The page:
For sale: A converted Camden tram shed fit for a fashionista
PUBLISHED: 09:24 19 August 2015
After four happy years in his converted tram shed in Camden, fashion designer Ashley Isham is moving on. He gives us an exclusive tour of his fabulous home
As someone whose stock in trade is designing fabulous frocks for the likes of Florence and the Machine, Christina Aguilera and Lady Gaga, it’s no surprise that fashion designer Ashley Isham’s Camden home has an interior which is at once stylish and flamboyant.
Isham’s clothing designs have been lauded in the Guardian as “sophisticated and slinky, if sometimes theatrical to the point of camp.” The same could be applied to the property, a converted tram shed which the designer decorated himself.
The interiors combine an almost obsessive attention to detail – Isham, who is originally from Singapore, recounts how his team thought he was crazy to focus on each aspect in the way he did – with a furniture and art ranging between museum quality pieces (quite literally, one favoured piece is an antique French chair bought at auction from the Rijksmuseum); items picked up from his travels to Bali and other far flung destinations; and a collection of bright, pop-coloured contemporary Chinese paintings: “I love colourful images, they bring life to the walls.”
“I get my furniture from auctions, going to flea markets, restoring old pieces and picking up vintage furniture and nick nacks wherever I travel, so that my home becomes a wonderful odyssey of life,” he says.
This acquisitive tendency is also evident in the story behind a metallic-looking sculpture in the kitchen, a commission from a former Hampstead neighbour.
“I used to live in Frognal and I found out that my neighbour was an established artist called Sydney King, who was a member of the RCA. I was very surprised that he lived so close to me, so I commissioned him to make me a sculpture for my kitchen. When I left I brought it with me.
“There’s texture to it, it’s not just a flat sculpture, it’s actually papier mache, not metal. That’s what I love about it.”
With all the daylight pouring in from the almost entirely glass ceiling the house certainly has the feel of an art gallery, which helps to display the collection at its best.
It’s also a dream for somebody with a professional eye on design. “You see things in fashion through colours so light for me is very important,” explains Isham. “I added a couple of Veluxes to make it lighter and more appealing.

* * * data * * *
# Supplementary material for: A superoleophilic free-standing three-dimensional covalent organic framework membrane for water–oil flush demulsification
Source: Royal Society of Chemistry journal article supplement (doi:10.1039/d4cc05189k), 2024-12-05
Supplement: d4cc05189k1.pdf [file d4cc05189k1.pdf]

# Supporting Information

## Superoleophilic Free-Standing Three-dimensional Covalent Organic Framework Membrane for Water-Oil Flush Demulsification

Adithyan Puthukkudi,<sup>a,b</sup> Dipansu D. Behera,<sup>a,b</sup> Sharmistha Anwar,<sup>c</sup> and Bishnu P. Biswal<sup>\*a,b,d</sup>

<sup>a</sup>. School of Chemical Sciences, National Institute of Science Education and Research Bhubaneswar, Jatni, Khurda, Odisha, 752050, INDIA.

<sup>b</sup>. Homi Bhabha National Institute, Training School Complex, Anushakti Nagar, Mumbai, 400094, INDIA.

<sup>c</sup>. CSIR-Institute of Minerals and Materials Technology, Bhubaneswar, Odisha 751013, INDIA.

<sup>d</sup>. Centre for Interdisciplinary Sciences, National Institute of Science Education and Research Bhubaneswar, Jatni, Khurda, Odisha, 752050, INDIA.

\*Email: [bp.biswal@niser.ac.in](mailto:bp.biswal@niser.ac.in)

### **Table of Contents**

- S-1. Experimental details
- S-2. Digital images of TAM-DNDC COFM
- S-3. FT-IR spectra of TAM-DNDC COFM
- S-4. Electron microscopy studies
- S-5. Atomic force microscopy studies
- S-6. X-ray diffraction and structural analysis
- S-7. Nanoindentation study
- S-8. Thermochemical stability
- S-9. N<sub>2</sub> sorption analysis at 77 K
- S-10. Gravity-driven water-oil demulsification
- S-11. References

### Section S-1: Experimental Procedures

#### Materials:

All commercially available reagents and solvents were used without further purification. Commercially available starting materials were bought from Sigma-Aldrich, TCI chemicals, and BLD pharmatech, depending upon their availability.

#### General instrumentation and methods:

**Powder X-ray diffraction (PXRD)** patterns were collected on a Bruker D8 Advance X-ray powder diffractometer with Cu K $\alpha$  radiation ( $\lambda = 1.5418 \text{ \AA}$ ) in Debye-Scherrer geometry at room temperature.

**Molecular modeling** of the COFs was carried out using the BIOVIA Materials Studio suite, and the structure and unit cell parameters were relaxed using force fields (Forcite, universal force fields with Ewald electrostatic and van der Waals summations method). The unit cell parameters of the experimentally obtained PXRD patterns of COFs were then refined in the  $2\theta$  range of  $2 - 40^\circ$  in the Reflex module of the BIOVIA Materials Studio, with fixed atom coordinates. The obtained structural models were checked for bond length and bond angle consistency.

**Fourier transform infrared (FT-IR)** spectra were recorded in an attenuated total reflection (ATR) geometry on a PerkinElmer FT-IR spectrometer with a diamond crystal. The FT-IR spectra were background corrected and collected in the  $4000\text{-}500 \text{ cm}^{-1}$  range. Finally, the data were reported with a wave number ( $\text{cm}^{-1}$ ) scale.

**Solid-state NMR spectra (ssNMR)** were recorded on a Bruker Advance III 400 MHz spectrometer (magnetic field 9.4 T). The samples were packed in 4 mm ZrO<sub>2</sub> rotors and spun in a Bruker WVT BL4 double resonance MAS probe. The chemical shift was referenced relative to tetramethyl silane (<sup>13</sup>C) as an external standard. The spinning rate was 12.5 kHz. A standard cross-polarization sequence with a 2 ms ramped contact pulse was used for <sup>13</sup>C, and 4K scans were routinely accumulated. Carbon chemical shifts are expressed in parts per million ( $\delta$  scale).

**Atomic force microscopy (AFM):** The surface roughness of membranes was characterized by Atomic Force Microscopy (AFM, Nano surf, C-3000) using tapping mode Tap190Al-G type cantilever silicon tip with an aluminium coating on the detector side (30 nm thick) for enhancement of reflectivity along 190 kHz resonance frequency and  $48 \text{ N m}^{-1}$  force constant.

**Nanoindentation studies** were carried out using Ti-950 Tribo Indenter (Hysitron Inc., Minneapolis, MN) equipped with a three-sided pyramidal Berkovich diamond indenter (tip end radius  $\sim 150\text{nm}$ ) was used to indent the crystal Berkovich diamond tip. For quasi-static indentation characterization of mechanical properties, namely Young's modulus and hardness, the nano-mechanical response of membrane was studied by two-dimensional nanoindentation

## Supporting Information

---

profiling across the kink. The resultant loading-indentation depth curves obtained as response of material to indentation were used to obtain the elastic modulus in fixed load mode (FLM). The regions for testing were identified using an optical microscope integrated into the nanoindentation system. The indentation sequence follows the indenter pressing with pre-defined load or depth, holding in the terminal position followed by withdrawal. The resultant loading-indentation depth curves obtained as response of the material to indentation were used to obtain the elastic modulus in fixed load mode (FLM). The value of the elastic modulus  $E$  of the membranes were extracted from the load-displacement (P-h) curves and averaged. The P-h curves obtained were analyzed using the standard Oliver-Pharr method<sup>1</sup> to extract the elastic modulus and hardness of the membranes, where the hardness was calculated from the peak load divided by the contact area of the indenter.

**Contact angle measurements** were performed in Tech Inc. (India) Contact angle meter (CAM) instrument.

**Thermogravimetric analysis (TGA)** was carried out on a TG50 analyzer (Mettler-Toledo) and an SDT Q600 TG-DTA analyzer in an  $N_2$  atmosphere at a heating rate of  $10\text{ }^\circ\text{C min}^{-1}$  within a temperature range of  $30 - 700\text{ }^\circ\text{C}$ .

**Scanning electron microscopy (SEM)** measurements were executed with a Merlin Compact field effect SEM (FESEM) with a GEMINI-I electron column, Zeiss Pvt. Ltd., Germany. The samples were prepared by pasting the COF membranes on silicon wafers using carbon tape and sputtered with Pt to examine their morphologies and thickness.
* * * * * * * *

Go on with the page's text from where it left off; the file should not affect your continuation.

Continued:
“I also do photography and so I love the idea of shadow and light and I played with that idea on the staircase. The Farrow & Ball paint I used for the staircase is the same tone but slightly lighter than the railings, which creates this really nice contrast.”
Isham was very concerned to preserve the unique, semi-industrial character of the house, whilst also reflecting his own personality. He achieved this by letting the project take on a life of its own after creating mood boards to get his creative juices flowing.
“I think you should come into a project with a general idea and then let the house speak for itself. It’s a very organic process. I do the same when I’m designing fashion.
“I had to respect the building itself, with its wonderful history and what it lends itself to. I love knowing that they used to repair the trams here. It’s cool, it’s not a traditional boring home. It’s very rare to find something like it in Camden. It’s a very special space.”
Isham says he’ll miss Camden for its buzz and also its convenience, with the house within walking distance of the Piccadilly line, the cinema and a Waitrose. But most of all he’ll miss eating under the stars in his high vaulted ceiling living room.
Having worked tirelessly on the property, which he describes as “a bit tired” when he first moved in, Isham is selling up somewhat reluctantly.
“My family used to visit me often, but they’re married now and they have kids so they don’t come as much, which means having a five-bedroom house just doesn’t make sense,” he says. “I feel like I’m a ghost in my own home.”
“I hope that the new owner will look after it with all the tender loving care I have, because it took me a while to come up with it.”
The property is being marketed with Goldschmidt & Howland for £4,850,000